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I’d like to share a surprising quote from the book Made in America, a sort of conversational biography of the founder and manager of Wal-Mart, Sam Walton, who said:
The larger truth that I failed to see turned out to be another of those paradoxes — like the discounter’s principle of the less you charge, the more you’ll earn. And here it is: the more you share profits with your associates — whether it’s in salaries or incentives or bonuses or stock discounts — the more profit will accrue to the company. Why? Because the way management treats the associates is exactly how the associates will then treat the customers. And if the associates treat the customers well, the customers will return again and again, and that is where the real profit in this business lies, not in trying to drag strangers into your stores for one-time purchases based on splashy sales or expensive advertising. Satisfied, loyal, repeat customers are at the heart of Wal-Mart’s spectacular profit margins, and those customers are loyal to us because our associates treat them better than salespeople in other stores do. So, in the whole Wal-Mart scheme of things, the most important contact ever made is between the associate in the store and the customer.
Those words were spoken in 1992 or before. Now 21+ years later, when you think of Wal-Mart, do you think of a role model for collaboration between corporations and employees? I don’t. Take, for example, this New York Times article from earlier this year, which makes a recent addition to a years-long story of Wal-Mart and wage disputes.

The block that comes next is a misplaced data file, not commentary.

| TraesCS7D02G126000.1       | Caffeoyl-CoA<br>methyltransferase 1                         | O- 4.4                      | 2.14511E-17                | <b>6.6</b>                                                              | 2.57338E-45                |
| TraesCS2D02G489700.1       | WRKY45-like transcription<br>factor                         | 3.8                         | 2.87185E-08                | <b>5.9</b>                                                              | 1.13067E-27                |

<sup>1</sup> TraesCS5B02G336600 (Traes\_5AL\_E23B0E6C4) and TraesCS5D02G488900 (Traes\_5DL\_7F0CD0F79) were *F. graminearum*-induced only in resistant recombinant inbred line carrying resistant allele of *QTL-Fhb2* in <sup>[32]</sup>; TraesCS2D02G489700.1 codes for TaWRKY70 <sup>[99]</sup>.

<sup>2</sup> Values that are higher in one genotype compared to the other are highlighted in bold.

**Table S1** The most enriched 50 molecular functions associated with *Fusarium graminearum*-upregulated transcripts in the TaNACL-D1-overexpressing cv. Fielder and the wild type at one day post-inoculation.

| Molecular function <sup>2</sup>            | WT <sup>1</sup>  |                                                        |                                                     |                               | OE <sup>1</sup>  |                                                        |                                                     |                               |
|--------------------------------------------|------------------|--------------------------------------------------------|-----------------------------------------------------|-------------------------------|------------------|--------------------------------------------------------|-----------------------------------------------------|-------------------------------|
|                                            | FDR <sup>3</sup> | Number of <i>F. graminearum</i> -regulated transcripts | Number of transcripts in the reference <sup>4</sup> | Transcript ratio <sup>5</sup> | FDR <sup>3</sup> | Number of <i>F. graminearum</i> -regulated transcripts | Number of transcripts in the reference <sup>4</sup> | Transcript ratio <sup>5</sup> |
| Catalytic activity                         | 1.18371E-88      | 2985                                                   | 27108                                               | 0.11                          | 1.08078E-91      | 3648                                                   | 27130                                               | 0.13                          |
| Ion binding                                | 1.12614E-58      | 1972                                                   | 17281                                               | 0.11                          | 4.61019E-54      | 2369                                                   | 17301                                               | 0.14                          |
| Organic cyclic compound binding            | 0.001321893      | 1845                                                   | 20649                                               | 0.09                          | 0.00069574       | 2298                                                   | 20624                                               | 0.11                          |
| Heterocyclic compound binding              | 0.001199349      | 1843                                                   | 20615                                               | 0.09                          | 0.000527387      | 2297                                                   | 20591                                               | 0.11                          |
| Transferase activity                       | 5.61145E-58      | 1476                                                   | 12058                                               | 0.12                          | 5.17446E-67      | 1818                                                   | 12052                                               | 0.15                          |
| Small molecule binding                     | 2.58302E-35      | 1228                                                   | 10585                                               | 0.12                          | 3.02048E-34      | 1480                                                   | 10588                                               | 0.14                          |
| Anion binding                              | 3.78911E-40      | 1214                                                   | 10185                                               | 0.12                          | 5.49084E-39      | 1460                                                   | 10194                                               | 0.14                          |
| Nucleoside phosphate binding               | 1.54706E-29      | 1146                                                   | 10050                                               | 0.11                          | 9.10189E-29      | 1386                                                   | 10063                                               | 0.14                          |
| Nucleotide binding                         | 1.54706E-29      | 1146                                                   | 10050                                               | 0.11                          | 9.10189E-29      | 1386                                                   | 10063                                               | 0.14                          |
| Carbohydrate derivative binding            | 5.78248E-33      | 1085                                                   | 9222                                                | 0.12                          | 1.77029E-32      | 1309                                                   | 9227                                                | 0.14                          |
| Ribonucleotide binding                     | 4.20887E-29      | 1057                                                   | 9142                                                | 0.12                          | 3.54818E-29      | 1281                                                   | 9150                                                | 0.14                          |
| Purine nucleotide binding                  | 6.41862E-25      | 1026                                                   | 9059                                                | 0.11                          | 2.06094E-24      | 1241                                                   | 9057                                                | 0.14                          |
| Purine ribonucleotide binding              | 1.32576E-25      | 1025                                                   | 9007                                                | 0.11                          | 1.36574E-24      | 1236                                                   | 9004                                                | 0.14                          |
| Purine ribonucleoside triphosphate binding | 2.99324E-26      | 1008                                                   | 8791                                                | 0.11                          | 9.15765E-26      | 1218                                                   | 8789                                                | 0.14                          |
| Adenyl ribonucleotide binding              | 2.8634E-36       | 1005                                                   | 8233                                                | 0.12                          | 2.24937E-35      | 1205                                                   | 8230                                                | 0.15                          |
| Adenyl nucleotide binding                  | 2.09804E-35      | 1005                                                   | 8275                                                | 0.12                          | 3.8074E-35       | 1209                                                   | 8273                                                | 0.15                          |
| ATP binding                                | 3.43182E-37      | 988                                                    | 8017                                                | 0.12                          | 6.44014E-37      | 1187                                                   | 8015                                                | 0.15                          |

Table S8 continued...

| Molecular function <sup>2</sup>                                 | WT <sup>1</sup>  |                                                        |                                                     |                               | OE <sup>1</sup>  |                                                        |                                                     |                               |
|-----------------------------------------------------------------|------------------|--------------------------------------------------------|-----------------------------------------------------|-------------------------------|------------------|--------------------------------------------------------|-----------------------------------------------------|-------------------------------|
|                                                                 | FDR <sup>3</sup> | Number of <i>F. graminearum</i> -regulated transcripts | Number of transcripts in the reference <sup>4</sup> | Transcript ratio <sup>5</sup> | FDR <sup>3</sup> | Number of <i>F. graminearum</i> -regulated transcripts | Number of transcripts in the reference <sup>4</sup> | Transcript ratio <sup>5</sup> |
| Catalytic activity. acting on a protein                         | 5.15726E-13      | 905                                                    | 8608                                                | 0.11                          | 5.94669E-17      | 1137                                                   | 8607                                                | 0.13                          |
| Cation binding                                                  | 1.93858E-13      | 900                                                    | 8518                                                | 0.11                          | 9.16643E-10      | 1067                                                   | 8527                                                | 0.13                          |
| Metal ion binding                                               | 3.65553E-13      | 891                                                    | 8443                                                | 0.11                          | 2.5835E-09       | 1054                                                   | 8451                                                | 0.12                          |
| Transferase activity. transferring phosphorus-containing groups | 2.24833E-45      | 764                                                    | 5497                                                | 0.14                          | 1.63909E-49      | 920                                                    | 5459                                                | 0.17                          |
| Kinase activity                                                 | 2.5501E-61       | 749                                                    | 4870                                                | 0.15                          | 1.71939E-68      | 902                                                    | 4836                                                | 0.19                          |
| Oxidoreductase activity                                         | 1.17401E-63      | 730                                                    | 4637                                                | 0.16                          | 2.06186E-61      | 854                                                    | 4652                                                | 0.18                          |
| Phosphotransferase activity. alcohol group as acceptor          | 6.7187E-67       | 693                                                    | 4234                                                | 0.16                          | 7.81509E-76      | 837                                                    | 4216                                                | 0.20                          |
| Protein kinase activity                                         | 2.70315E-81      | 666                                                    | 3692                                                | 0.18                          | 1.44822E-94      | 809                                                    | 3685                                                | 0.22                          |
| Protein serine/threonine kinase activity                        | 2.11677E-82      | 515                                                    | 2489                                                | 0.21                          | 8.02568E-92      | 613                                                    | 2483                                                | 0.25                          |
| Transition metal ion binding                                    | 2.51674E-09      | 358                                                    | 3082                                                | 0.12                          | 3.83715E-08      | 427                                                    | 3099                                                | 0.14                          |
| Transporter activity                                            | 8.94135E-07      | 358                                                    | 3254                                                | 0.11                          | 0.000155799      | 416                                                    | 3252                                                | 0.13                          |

Walton goes on to say (back in 1992):
Theoretically, I understand the argument that unions try to make, that the associates need someone to represent them and so on. But historically, as unions have developed in this country, they have mostly just been divisive. They have put management on one side of the fence, employees on the other, and themselves in the middle as almost a separate business, one that depends on division between the other two camps. And divisiveness, by breaking down direct communication, makes it harder to take care of customers, to be competitive, and to gain market share. … Anytime we have ever had real trouble, or the serious possibility of a union coming into the company, it has been because management has failed, because we have not listened to our associates, or because we have mistreated them.
It’s been about a generation since Walton spoke those words, but they seem just as applicable today.
Anyway, if you’re keeping a reading list, Made in America is an easy read that I highly recommend.
For further reading:
Check out my previous post on one way how not to treat employees.